My brain wasn’t working very well at the time, so it was hard to respond to my friends. I just listened and said “ok”. Shortly after, my mother moved my stuff out of the apartment for me. I haven’t heard from them since. This flipped my world upside-down more than anything. How many of my friendships were like this? Did I have bad judgement of people in general? Looking back, what I experienced was heartbreak leading to social anxiety. I didn’t spend much time with other women my age for several years following- except for Mari.
It’s time to make new friends
I met Mari in a painting class. While moving back in with my parents, testing out debilitating drugs, and being unable to drive, my mother enrolled me in this class at a local community college. Mari had just moved to CA from Venezuela, and her life had recently been flipped upside-down as well. I slowly opened up about my diagnosis. I helped her with her English, while she helped me with my paintings and took me with her to walk her dogs. She showed me that it wasn’t women who I needed to avoid; it was unempathetic people.
A change of scenery
Fast forward 6 months, and I found an alternative route for the timeline I had made for my mid-20’s. I accepted a job teaching ESL to refugees in Seattle, Washington. While I was still having petit mal seizures and testing out different medications, I had an incredibly hard time putting my life on pause. With the support of my parents, I packed up to things and moved to WA for 10 months. It turned out to be the best thing I’ve ever done.
Because I’ve always been an ocean girl, I thought that I was moving to Seattle for the job, not for the environment. Boy was I wrong. After a few boring weekends I found hiking groups on the Meetup app, where members would often offer to pick me up at 5am and lend me their snow gear to climb different mountains throughout the state. Given, I only joined on weekends that I was feeling well (no dizziness nor “brain vibrations”). I must admit, the bad weeks made days that I climbed to the top of mountains in the middle of nowhere in deep snow feel like miracles.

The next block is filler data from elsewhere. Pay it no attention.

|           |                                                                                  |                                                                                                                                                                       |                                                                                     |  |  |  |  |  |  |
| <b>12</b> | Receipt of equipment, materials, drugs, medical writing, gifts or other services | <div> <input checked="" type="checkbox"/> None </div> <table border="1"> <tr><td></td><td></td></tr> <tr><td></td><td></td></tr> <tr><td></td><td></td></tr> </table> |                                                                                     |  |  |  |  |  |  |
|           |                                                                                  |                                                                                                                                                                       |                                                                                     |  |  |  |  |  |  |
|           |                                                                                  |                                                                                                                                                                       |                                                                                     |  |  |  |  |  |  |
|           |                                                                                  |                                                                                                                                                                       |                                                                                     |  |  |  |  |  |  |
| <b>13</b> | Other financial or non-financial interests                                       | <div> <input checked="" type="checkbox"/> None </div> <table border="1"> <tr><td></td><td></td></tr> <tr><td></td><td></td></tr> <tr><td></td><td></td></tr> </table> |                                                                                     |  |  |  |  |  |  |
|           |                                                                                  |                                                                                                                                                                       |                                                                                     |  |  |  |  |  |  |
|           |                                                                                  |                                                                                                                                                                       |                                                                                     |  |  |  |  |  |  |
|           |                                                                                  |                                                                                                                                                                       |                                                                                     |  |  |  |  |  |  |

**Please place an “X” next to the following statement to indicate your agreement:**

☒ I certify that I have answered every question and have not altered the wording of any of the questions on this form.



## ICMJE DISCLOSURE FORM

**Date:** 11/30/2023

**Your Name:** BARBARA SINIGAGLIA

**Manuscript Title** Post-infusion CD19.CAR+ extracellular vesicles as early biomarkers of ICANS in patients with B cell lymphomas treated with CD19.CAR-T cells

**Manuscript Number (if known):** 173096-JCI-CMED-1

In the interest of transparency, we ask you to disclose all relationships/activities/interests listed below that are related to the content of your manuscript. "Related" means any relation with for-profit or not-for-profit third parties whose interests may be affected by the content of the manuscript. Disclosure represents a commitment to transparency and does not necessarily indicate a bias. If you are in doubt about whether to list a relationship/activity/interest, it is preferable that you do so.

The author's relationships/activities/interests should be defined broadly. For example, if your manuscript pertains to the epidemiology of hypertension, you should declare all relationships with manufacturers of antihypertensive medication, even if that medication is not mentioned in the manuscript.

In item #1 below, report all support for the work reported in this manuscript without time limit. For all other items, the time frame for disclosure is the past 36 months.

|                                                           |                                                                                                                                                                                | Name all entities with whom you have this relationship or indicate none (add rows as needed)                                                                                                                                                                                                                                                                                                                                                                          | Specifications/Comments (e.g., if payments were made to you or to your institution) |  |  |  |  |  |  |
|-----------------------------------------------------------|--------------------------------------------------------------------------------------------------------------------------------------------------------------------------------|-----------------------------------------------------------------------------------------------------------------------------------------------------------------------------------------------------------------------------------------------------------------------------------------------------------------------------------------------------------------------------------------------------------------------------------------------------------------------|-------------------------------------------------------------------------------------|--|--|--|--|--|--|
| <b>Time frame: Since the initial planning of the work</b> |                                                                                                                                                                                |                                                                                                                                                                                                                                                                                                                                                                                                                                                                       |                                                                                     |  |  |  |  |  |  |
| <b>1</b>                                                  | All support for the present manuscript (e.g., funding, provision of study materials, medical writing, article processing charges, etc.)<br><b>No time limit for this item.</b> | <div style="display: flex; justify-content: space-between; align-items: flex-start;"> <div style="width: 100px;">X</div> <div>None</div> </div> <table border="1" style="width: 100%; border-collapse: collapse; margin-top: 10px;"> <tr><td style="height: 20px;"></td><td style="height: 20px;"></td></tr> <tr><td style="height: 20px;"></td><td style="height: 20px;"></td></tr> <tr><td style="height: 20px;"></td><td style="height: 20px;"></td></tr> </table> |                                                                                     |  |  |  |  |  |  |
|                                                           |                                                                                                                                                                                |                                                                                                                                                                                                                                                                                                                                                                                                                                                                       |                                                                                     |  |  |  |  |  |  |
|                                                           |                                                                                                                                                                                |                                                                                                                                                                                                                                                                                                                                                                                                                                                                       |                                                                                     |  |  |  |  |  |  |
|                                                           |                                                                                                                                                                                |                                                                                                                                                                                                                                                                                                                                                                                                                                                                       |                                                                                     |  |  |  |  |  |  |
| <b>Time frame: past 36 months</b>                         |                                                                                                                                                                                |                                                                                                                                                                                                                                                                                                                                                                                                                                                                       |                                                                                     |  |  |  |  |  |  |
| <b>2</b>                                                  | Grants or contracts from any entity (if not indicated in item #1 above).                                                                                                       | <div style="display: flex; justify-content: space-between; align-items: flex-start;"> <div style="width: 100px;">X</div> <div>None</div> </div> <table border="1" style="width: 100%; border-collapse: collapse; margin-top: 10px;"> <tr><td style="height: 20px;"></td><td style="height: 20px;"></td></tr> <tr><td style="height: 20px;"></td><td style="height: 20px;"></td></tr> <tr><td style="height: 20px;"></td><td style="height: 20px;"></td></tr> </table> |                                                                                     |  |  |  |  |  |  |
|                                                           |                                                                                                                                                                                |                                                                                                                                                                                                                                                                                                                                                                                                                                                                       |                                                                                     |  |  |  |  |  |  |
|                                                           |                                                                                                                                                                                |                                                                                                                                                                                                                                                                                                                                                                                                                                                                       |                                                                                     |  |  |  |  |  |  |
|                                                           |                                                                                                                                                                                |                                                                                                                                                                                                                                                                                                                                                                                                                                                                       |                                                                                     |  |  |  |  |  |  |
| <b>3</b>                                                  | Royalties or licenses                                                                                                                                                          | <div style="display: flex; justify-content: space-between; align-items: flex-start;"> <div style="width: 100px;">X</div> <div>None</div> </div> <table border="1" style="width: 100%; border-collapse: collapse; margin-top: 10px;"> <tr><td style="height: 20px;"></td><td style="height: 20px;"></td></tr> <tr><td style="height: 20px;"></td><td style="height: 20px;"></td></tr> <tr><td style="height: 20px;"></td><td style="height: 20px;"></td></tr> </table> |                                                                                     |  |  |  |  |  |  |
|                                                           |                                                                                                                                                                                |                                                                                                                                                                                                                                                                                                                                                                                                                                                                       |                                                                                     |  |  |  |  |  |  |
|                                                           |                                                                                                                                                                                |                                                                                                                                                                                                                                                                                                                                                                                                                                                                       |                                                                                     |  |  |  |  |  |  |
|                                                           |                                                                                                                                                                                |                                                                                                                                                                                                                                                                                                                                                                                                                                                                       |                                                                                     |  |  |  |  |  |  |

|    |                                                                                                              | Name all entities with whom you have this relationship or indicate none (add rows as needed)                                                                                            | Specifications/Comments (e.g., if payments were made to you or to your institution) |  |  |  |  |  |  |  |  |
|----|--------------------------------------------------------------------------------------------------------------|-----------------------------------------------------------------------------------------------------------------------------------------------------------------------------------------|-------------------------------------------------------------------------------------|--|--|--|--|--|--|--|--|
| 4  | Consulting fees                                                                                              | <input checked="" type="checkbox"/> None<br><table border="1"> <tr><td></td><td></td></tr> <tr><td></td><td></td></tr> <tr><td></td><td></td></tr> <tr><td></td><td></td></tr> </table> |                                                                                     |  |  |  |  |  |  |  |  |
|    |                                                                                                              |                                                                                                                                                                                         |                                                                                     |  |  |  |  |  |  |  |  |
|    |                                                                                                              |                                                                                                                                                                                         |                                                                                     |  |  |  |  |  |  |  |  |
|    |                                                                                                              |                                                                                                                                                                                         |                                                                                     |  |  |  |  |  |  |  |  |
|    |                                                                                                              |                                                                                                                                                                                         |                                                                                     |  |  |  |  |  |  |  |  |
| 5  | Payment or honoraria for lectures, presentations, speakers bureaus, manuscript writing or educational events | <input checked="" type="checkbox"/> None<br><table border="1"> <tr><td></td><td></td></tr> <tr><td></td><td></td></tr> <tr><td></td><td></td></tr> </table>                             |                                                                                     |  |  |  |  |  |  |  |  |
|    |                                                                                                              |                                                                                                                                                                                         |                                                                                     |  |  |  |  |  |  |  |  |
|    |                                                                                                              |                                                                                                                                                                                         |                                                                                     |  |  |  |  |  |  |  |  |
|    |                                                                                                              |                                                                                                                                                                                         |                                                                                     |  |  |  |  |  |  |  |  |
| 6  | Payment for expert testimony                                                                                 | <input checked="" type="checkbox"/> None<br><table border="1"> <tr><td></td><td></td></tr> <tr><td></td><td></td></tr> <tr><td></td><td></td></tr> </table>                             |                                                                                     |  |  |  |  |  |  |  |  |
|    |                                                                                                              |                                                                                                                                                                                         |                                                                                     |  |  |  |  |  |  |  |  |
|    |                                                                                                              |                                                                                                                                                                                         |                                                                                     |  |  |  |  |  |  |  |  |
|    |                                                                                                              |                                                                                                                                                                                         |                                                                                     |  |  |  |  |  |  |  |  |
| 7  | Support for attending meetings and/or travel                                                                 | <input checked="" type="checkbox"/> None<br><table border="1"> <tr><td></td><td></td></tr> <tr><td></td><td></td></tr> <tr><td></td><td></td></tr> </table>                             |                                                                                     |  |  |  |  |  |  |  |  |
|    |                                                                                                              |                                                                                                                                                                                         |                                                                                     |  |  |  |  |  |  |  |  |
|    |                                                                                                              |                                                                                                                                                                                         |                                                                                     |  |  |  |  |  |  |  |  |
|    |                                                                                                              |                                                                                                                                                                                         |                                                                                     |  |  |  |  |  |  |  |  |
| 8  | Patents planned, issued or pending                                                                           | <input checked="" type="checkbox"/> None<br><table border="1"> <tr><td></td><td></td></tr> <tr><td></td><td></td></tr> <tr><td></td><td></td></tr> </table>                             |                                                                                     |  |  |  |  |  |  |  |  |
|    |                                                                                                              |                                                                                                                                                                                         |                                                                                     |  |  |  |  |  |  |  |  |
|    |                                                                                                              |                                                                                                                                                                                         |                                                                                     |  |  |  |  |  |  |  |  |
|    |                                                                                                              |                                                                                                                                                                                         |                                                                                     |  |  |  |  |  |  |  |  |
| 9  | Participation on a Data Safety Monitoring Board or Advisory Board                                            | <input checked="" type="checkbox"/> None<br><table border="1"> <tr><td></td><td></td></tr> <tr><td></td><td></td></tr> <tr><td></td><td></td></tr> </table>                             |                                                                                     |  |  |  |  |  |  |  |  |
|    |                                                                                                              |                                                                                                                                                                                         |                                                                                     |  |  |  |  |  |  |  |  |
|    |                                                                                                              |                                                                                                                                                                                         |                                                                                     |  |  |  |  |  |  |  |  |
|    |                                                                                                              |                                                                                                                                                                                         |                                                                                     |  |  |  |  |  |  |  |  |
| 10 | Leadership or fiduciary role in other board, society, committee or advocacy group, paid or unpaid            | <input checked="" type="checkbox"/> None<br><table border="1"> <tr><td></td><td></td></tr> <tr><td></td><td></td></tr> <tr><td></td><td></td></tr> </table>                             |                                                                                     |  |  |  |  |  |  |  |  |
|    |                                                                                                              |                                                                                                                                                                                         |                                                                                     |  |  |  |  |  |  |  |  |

On showing up for yourself
It wasn’t all fun and games. According to my seizure journal I was having episodes every couple of weeks. I did another at-home EEG, and often felt very alone during weeks that I was suddenly having seizures again. The early sunsets after daylight savings DID NOT help with this sadness.
Out of loneliness and desperation, I downloaded the Bumble dating app. Believe it or not, my first date was a miracle (this is not a Bumble pro-mo). I met Christian at a coffee shop on a Sunday. We made small talk, and at some point, he asked me why I couldn’t drive. I panicked inside. Do I tell men I’m dating that I have Epilepsy?!?! I am such a bad liar. So I told him. Turned out, Christian had just moved back home to WA after having a Grand Mal seizure in Spain, where he’d been teaching ESL for over 2 years. I’m not sure if there’s a God, but if there is, God was letting me know that I should be honest about my diagnosis when it comes up, even in my dating life.
Through my time in WA I proved to myself that even with my new diagnosis, I could be the independent, spontaneous woman I want to be. I slowly dissolved the shame I had felt in my diagnosis: In the beginning, I honestly felt like my Epilepsy must somehow be my fault. And I slowly accepted that I will not be able to live in other countries until I fully understand my mind and body. And I still have a long way to go.
Life on a new track
Two years later and I am back in San Diego with another roommate. I bike to work at my part-time job at an Elementary School, eat too many tacos, and I’m even back to surfing. While my life did not go as planned, knowing the awful feeling of seizures makes every day I feel alright an opportunity to make more memories. I understand that many people with Epilepsy have daily seizures, and still find a way to keep some inner peace. When I am feeling down, I think about these strong people. Everything is relative, and every day is different. This may sound obvious, but understanding it and accepting it deep down is the only way to stay patient while testing out personality and mood-altering medications.